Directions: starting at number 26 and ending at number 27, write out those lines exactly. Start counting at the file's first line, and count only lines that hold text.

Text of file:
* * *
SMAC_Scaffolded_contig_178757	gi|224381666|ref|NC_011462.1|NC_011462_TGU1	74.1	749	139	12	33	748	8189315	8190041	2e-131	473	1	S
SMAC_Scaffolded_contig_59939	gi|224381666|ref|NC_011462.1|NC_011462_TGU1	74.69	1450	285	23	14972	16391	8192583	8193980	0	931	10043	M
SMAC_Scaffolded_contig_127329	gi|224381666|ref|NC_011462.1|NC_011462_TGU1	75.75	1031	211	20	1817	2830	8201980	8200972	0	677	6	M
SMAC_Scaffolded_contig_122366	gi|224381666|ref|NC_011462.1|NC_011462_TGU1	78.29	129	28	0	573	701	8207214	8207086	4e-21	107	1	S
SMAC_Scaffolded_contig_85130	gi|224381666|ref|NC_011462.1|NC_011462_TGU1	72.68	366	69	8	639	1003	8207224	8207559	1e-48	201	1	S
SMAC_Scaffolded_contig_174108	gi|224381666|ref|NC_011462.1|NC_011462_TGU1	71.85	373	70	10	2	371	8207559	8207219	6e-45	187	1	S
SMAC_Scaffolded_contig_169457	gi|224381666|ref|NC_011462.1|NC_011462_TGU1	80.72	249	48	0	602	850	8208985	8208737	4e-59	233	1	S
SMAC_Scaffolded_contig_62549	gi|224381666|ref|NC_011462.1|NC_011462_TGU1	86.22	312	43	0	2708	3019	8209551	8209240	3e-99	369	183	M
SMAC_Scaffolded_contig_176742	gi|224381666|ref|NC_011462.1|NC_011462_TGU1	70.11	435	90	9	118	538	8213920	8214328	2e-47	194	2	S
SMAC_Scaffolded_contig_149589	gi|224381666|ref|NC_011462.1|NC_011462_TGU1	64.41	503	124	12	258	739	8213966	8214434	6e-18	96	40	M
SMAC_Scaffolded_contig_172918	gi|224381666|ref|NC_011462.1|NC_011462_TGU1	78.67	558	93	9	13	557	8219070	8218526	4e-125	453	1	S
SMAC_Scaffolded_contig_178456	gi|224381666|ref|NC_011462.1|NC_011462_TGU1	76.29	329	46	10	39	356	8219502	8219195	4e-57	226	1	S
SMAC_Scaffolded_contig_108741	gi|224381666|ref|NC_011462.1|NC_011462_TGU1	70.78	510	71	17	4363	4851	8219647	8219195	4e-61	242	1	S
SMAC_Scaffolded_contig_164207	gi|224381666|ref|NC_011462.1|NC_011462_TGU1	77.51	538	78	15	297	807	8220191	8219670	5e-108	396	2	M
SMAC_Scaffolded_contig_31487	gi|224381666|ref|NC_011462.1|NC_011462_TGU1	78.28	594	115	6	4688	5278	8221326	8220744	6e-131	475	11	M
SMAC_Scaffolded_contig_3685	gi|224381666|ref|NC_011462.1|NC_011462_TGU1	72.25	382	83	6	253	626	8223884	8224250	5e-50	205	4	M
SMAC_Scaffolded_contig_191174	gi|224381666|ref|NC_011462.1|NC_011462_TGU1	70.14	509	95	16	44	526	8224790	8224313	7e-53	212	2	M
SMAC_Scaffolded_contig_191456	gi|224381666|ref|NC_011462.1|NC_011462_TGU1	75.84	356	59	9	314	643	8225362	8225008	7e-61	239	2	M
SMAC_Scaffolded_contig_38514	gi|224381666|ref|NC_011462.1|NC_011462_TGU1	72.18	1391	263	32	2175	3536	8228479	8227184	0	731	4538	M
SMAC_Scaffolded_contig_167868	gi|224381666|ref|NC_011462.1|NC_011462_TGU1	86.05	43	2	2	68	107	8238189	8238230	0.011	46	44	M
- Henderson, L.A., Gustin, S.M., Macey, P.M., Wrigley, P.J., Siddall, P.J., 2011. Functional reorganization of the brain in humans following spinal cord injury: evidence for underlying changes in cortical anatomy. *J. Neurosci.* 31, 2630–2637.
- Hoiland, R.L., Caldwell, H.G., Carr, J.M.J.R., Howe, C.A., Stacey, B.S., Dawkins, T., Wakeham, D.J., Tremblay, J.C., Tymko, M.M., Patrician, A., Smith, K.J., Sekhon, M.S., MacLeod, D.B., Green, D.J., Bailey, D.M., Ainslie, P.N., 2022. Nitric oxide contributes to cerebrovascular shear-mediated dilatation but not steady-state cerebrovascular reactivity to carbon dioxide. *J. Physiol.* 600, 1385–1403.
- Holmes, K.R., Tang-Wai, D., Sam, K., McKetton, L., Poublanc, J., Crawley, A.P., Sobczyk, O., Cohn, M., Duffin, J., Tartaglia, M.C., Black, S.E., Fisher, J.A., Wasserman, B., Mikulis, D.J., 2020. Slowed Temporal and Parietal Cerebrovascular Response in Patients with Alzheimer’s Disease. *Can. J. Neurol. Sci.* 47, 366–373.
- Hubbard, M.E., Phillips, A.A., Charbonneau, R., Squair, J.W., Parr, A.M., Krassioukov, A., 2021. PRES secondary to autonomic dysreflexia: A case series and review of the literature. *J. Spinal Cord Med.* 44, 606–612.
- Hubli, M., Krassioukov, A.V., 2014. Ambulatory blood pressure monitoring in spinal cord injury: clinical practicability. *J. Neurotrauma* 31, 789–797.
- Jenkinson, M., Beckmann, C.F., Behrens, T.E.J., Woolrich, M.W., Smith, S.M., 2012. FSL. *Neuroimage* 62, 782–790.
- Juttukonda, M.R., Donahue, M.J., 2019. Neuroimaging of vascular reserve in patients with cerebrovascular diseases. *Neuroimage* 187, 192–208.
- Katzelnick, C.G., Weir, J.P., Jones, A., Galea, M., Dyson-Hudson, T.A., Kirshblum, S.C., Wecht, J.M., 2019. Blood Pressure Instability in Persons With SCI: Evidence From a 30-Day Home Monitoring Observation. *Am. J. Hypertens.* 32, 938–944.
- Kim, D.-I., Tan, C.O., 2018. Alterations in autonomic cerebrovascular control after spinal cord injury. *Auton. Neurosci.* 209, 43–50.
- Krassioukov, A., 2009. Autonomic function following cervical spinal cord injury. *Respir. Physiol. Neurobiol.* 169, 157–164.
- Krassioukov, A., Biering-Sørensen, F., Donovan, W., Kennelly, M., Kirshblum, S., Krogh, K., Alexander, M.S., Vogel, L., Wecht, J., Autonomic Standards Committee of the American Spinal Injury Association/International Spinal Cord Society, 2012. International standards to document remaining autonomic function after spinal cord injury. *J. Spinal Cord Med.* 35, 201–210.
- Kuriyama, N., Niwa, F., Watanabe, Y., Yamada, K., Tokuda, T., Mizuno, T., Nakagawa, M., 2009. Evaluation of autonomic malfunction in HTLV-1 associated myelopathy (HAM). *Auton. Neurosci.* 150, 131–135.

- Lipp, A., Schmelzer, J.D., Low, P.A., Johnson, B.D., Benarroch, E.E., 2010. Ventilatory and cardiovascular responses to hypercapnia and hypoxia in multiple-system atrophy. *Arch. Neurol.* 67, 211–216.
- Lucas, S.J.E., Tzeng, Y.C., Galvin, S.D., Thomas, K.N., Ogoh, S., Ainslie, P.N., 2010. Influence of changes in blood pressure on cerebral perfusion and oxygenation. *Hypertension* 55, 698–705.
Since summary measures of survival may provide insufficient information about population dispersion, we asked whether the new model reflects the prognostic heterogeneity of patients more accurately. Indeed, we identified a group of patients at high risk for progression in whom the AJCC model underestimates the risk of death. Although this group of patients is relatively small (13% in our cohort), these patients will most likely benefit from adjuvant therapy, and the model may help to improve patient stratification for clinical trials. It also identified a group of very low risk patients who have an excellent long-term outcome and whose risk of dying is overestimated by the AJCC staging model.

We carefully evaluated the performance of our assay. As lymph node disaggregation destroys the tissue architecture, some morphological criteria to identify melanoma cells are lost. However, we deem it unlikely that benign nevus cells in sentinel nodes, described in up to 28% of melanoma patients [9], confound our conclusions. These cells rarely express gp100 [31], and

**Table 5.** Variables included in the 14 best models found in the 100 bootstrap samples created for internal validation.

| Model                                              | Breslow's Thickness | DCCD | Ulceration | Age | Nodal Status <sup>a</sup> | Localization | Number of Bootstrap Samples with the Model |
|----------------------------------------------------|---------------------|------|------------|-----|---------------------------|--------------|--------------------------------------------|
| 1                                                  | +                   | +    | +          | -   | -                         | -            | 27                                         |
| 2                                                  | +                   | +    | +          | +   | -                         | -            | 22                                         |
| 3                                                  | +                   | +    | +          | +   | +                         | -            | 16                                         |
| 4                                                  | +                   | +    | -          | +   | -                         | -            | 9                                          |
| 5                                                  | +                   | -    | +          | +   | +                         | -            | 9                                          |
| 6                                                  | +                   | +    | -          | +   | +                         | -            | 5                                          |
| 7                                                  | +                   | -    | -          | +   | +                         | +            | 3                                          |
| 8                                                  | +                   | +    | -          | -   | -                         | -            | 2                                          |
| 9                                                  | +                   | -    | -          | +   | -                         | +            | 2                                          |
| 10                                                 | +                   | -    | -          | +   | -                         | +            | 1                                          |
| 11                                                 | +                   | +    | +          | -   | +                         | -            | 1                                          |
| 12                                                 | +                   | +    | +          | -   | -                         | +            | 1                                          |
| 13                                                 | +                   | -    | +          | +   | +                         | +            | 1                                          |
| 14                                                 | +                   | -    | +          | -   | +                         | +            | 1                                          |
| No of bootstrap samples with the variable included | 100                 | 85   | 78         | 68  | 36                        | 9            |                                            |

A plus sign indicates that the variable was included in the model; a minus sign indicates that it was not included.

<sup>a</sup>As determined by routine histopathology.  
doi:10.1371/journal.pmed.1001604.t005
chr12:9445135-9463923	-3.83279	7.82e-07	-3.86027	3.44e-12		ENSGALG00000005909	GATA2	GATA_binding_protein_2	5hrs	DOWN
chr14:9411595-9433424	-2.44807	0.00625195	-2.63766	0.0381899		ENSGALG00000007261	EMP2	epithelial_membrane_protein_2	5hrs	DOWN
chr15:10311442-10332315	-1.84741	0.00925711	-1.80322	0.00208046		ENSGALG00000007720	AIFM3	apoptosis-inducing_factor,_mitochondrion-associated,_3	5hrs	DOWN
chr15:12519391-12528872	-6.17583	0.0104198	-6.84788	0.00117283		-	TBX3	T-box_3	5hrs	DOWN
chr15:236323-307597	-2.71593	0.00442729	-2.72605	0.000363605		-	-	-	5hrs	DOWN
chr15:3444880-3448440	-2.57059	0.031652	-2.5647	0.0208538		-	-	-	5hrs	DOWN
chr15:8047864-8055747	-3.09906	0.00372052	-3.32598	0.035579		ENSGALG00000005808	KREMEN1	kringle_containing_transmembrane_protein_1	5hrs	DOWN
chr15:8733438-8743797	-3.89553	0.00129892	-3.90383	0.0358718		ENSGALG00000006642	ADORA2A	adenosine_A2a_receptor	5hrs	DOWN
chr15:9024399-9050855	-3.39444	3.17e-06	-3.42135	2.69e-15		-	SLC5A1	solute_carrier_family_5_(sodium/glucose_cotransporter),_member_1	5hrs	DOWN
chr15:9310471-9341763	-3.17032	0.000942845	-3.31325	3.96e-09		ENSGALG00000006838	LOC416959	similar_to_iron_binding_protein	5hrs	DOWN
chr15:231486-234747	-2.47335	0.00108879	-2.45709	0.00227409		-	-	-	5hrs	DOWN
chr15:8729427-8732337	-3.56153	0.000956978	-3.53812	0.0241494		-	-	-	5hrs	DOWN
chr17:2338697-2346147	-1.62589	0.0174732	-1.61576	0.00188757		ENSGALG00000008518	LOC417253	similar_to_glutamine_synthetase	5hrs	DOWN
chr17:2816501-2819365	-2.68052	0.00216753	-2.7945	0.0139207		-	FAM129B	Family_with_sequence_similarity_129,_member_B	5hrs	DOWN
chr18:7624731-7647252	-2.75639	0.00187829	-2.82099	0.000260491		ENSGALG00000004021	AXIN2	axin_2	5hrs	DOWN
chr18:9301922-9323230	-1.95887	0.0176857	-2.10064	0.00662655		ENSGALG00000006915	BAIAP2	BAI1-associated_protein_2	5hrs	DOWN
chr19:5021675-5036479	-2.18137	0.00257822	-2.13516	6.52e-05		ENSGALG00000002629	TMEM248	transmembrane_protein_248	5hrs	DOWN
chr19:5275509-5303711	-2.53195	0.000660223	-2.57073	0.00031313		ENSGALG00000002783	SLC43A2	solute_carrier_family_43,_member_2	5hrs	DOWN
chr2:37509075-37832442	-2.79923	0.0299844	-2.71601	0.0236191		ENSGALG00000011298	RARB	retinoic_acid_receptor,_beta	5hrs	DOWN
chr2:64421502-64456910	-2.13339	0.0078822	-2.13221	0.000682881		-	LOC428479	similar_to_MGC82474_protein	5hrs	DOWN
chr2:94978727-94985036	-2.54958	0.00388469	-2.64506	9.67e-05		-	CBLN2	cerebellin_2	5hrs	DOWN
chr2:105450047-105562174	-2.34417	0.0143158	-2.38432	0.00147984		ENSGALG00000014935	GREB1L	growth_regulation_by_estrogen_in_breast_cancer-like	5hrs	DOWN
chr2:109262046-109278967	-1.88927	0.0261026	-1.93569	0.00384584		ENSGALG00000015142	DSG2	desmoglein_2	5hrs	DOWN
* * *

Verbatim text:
- Jenkinson, M., Beckmann, C.F., Behrens, T.E.J., Woolrich, M.W., Smith, S.M., 2012. FSL. *Neuroimage* 62, 782–790.
- Juttukonda, M.R., Donahue, M.J., 2019. Neuroimaging of vascular reserve in patients with cerebrovascular diseases. *Neuroimage* 187, 192–208.